Boy Scouts blocked boy with Down syndrome from becoming Eagle Scout, lawsuit says

The father of a boy with Down syndrome filed a lawsuit last week accusing the Boy Scouts of America of allegedly blocking his son from becoming an Eagle Scout and revoking his 22 merit badges that he worked two years to earn.

Logan Blythe, 15, has been a boy scout through the National Parks Council in Utah, and has been able to advance up the ranks because the council has made accommodations when necessary, his father, Chad, said.

The teenager had planned to create kits for special-needs babies as his Eagle project when the family learned in November the national organization voided every merit badge he obtained. Chad Blythe told The Washington Post on Tuesday he learned of the news in an email.

“I have been asked to suspend Logan’s Eagle Project approval,” the email stated. “Please do not do any more work on his project.”

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The family sued the Boy Scouts and the Utah National Parks Council for "outrageous and reckless conduct."

In the suit, they demanded the Boy Scouts of America “accommodate Logan and provide damages of at least $1.”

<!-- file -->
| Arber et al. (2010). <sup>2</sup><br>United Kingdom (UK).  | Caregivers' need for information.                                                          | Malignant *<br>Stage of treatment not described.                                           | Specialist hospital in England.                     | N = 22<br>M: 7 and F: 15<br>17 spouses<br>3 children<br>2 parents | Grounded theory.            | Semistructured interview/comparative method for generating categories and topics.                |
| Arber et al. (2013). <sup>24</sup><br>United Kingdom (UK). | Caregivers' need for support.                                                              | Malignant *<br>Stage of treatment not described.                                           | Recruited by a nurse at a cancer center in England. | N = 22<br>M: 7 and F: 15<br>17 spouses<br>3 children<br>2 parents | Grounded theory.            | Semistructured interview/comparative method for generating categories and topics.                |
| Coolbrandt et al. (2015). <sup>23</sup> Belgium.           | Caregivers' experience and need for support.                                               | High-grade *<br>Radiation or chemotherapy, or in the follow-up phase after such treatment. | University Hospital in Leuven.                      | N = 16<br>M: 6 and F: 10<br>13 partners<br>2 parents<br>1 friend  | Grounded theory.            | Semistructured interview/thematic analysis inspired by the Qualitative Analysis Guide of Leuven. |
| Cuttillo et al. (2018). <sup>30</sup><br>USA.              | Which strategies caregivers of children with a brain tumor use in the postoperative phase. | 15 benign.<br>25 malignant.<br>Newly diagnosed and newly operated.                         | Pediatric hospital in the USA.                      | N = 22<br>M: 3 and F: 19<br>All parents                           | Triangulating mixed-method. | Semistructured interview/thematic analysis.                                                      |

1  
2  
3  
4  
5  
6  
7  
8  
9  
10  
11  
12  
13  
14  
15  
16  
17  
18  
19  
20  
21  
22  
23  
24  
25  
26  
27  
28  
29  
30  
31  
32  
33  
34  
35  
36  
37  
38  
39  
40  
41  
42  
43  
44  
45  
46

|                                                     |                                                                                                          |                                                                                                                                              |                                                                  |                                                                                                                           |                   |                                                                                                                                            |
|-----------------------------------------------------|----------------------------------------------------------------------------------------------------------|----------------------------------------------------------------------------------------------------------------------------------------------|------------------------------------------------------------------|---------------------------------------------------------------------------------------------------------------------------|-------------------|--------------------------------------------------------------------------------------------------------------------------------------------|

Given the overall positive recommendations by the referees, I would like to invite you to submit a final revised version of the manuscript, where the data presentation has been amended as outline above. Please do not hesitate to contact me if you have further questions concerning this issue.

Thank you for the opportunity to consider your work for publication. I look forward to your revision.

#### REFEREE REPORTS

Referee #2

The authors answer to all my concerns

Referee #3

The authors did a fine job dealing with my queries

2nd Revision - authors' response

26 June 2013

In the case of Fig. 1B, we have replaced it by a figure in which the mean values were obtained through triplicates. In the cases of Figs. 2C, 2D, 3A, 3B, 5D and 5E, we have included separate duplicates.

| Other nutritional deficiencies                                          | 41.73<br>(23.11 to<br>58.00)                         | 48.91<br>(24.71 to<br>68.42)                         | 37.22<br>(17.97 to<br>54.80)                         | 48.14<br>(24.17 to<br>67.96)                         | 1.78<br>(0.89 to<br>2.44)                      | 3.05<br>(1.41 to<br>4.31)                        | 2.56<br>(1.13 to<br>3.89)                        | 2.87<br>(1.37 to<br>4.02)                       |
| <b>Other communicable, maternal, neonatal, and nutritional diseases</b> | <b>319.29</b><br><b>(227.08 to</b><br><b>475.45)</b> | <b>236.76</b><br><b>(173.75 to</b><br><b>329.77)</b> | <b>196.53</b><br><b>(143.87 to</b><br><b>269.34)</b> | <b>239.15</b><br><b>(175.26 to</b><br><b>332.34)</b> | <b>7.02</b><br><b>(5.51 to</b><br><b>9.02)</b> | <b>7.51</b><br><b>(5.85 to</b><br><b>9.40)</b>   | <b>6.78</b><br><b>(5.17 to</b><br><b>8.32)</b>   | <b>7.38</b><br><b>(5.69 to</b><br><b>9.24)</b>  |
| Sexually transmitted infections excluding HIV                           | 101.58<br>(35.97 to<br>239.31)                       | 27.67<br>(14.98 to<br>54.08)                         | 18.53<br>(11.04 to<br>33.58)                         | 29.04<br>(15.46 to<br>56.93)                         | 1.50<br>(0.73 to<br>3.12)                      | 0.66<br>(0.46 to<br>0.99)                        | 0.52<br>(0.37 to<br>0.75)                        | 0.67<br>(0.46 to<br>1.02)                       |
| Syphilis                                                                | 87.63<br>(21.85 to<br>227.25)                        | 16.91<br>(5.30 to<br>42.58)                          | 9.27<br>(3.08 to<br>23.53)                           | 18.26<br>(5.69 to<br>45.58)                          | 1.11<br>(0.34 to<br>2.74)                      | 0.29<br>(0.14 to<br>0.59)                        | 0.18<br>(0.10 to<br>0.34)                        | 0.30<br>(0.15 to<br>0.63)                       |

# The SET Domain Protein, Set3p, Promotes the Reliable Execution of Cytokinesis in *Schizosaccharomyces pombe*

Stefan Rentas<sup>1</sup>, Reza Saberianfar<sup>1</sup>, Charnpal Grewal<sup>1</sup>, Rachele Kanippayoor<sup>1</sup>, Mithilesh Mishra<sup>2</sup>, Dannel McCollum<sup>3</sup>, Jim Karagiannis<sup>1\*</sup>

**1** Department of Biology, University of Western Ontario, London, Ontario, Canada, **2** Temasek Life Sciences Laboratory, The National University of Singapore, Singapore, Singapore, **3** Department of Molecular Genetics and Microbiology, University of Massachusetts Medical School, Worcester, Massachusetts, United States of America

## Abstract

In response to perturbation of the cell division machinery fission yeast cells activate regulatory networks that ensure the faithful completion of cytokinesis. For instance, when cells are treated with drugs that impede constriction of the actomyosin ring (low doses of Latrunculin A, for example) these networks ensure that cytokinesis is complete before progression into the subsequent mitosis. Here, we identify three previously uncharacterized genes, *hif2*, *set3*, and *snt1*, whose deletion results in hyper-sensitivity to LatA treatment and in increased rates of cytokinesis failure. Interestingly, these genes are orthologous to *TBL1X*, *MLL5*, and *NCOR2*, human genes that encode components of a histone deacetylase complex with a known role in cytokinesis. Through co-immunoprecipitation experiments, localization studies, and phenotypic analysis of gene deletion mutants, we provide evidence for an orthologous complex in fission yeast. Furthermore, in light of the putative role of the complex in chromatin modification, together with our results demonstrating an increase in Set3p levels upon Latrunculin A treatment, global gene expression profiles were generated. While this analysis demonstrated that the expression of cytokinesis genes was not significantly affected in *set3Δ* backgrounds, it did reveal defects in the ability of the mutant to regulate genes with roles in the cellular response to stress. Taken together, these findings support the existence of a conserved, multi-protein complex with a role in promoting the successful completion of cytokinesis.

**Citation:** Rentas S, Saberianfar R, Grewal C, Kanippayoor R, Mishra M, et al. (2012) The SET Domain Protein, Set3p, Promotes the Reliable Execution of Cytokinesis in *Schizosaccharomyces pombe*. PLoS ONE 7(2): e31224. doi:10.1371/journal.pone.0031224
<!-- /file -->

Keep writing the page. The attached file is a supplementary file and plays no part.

Chad Blythe told People his son was “distraught” after learning he was blocked from becoming an Eagle Scout.

“He was let down. Hurt. You could see in his mannerisms that he was not happy,” the father told the magazine. “Since then, we’ve only been able to get him to wear his scout uniform one time. He won’t even go near it. He looks visibly distraught when we talk about this.”

Chad told Fox News his son has stopped going to meetings and felt he should have been able to keep the badges.

"This particular boy's case, this is as much as he can do. Let's accept that and give him the badge. Why? Because he tried and he's done his best," he said.

The Boy Scouts said it worked with the council and the Blythe family to offer "alternative merit badges" and a path to becoming an Eagle. A spokesperson for the organization told People that Logan was still considered a Boy Scout and his badges were not voided.

"He was let down. Hurt."

— Chad Blythe

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However, Chad Blythe told The Washington Post the organization has not contacted the family and would not respond to his emails. He said he has received a lot of support from the public following the news.

“If we can make a change and make something positive come of all of this, then the next kid … won’t have to do what we’re doing now,” Chad Blythe said. “And they won’t be hurt and let down the way Logan has been let down.”

The Associated Press contributed to this report.